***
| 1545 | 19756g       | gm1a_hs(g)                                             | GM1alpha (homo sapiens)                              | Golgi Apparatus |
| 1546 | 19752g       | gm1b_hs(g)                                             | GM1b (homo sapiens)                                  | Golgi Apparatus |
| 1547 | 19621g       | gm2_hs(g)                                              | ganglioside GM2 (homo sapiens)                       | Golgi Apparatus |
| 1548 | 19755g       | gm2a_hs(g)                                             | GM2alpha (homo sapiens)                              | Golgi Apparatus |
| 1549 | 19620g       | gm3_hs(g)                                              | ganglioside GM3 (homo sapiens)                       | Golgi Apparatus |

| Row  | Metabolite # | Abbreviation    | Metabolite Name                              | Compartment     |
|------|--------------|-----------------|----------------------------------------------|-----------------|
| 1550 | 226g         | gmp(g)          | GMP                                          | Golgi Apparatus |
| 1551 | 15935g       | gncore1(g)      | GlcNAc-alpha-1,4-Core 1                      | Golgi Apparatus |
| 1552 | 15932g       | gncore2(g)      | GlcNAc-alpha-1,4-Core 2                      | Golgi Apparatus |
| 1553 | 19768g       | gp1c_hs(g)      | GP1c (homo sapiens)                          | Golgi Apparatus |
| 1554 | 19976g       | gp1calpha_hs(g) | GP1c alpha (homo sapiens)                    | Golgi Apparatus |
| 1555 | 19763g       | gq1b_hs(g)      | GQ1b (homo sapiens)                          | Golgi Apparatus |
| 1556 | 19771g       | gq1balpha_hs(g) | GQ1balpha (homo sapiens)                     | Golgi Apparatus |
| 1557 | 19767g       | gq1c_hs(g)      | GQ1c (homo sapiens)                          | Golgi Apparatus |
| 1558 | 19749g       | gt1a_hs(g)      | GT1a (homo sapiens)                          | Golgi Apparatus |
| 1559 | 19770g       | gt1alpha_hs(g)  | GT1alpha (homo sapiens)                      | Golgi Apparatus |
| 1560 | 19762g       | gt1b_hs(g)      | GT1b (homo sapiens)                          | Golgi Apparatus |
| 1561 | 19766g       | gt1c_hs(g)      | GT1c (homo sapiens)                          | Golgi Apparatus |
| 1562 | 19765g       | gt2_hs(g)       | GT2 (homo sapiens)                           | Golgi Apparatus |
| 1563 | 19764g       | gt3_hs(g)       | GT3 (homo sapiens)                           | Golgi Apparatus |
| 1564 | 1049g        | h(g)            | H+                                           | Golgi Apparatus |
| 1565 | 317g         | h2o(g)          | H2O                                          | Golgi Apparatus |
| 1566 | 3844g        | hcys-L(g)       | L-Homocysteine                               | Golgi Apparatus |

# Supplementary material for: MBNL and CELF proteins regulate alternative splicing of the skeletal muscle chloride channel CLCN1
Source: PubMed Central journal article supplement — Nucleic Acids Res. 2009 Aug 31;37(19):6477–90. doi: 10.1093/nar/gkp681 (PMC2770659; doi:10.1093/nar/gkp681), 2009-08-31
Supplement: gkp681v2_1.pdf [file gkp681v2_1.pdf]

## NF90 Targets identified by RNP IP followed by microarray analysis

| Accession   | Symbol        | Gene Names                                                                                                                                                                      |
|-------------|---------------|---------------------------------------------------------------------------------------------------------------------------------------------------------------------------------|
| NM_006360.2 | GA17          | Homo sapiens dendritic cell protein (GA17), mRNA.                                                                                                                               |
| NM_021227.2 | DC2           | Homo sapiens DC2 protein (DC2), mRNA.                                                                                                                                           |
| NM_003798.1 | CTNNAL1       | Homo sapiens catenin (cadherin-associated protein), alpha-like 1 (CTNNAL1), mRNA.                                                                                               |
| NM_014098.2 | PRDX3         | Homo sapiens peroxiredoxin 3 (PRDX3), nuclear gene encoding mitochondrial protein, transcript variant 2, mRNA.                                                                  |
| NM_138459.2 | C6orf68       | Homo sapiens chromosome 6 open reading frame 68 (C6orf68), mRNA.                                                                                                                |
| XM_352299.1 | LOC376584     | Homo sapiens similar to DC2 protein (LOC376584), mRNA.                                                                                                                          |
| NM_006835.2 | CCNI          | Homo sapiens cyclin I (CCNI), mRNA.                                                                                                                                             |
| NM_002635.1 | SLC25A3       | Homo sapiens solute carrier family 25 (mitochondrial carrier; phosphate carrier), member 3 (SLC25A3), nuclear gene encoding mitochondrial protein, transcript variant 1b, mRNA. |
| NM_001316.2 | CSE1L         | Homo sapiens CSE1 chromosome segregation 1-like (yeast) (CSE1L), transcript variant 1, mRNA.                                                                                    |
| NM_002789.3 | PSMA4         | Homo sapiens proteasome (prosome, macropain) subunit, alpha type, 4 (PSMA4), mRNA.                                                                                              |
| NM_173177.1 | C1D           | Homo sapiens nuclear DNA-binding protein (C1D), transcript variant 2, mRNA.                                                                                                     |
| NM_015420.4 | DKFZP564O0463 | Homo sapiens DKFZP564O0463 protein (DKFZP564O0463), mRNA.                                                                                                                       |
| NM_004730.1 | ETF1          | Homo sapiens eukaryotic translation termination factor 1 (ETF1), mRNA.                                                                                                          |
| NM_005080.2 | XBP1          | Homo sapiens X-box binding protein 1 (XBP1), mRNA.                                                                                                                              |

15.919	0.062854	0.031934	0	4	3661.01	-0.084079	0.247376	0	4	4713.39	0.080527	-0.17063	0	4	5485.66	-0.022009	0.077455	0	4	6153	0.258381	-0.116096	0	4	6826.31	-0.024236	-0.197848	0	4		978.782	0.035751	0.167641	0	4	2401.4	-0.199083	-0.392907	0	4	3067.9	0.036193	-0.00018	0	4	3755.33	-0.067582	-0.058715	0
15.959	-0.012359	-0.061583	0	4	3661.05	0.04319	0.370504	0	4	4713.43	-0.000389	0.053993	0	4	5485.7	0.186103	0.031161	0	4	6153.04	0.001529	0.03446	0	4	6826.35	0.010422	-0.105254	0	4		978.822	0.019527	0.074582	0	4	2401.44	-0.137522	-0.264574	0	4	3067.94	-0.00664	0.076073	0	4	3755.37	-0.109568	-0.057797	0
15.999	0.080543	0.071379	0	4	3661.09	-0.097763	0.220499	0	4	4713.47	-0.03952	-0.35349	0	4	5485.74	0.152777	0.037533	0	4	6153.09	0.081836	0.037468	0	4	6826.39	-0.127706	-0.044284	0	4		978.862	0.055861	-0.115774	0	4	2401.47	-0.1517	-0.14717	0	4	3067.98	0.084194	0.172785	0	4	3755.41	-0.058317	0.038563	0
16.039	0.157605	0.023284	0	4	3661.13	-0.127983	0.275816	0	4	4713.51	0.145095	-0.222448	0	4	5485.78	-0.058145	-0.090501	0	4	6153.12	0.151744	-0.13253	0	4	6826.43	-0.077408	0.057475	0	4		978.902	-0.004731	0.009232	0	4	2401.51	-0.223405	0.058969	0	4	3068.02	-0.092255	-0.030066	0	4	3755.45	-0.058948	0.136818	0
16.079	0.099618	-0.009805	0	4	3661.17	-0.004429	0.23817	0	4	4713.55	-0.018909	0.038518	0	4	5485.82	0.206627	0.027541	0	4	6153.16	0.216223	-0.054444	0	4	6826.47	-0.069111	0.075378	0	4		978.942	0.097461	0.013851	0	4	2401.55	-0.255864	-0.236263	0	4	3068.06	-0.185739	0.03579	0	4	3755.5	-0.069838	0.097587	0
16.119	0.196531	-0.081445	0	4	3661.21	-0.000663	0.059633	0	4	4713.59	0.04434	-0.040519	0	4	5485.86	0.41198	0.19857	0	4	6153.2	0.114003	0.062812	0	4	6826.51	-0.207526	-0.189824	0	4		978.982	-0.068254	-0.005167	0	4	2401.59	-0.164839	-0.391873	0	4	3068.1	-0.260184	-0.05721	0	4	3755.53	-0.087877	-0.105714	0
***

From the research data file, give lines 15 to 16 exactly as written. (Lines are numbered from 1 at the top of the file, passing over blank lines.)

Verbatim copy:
| 1557 | 19767g       | gq1c_hs(g)      | GQ1c (homo sapiens)                          | Golgi Apparatus |
| 1558 | 19749g       | gt1a_hs(g)      | GT1a (homo sapiens)                          | Golgi Apparatus |